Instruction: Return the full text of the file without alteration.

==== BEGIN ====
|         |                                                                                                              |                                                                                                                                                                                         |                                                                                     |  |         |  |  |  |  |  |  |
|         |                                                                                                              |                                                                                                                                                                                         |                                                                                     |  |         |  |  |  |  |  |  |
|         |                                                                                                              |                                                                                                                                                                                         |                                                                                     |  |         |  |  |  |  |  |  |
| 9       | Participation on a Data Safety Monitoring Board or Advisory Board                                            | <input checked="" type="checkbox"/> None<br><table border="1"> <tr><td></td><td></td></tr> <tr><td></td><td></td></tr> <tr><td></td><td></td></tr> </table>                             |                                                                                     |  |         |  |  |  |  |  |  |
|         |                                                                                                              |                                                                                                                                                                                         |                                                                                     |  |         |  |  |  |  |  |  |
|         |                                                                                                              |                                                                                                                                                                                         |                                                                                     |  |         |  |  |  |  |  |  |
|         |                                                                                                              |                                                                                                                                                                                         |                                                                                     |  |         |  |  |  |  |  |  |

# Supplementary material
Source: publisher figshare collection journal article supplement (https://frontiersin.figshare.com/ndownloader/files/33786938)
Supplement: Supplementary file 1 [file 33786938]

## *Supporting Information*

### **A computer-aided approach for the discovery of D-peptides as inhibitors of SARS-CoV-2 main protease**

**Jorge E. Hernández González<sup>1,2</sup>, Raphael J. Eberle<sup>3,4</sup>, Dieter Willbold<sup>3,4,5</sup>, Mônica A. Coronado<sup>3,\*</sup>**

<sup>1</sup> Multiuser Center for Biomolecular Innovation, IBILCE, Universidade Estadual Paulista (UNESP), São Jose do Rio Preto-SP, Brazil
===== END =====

|         |                                                                                                              |                                                                                                                                                                                         |                                                                                     |  |         |  |  |  |  |  |  |
|         |                                                                                                              |                                                                                                                                                                                         |                                                                                     |  |         |  |  |  |  |  |  |
|         |                                                                                                              |                                                                                                                                                                                         |                                                                                     |  |         |  |  |  |  |  |  |
| 9       | Participation on a Data Safety Monitoring Board or Advisory Board                                            | <input checked="" type="checkbox"/> None<br><table border="1"> <tr><td></td><td></td></tr> <tr><td></td><td></td></tr> <tr><td></td><td></td></tr> </table>                             |                                                                                     |  |         |  |  |  |  |  |  |
|         |                                                                                                              |                                                                                                                                                                                         |                                                                                     |  |         |  |  |  |  |  |  |
|         |                                                                                                              |                                                                                                                                                                                         |                                                                                     |  |         |  |  |  |  |  |  |
|         |                                                                                                              |                                                                                                                                                                                         |                                                                                     |  |         |  |  |  |  |  |  |

# Supplementary material
Source: publisher figshare collection journal article supplement (https://frontiersin.figshare.com/ndownloader/files/33786938)
Supplement: Supplementary file 1 [file 33786938]

## *Supporting Information*

### **A computer-aided approach for the discovery of D-peptides as inhibitors of SARS-CoV-2 main protease**

**Jorge E. Hernández González<sup>1,2</sup>, Raphael J. Eberle<sup>3,4</sup>, Dieter Willbold<sup>3,4,5</sup>, Mônica A. Coronado<sup>3,\*</sup>**

<sup>1</sup> Multiuser Center for Biomolecular Innovation, IBILCE, Universidade Estadual Paulista (UNESP), São Jose do Rio Preto-SP, Brazil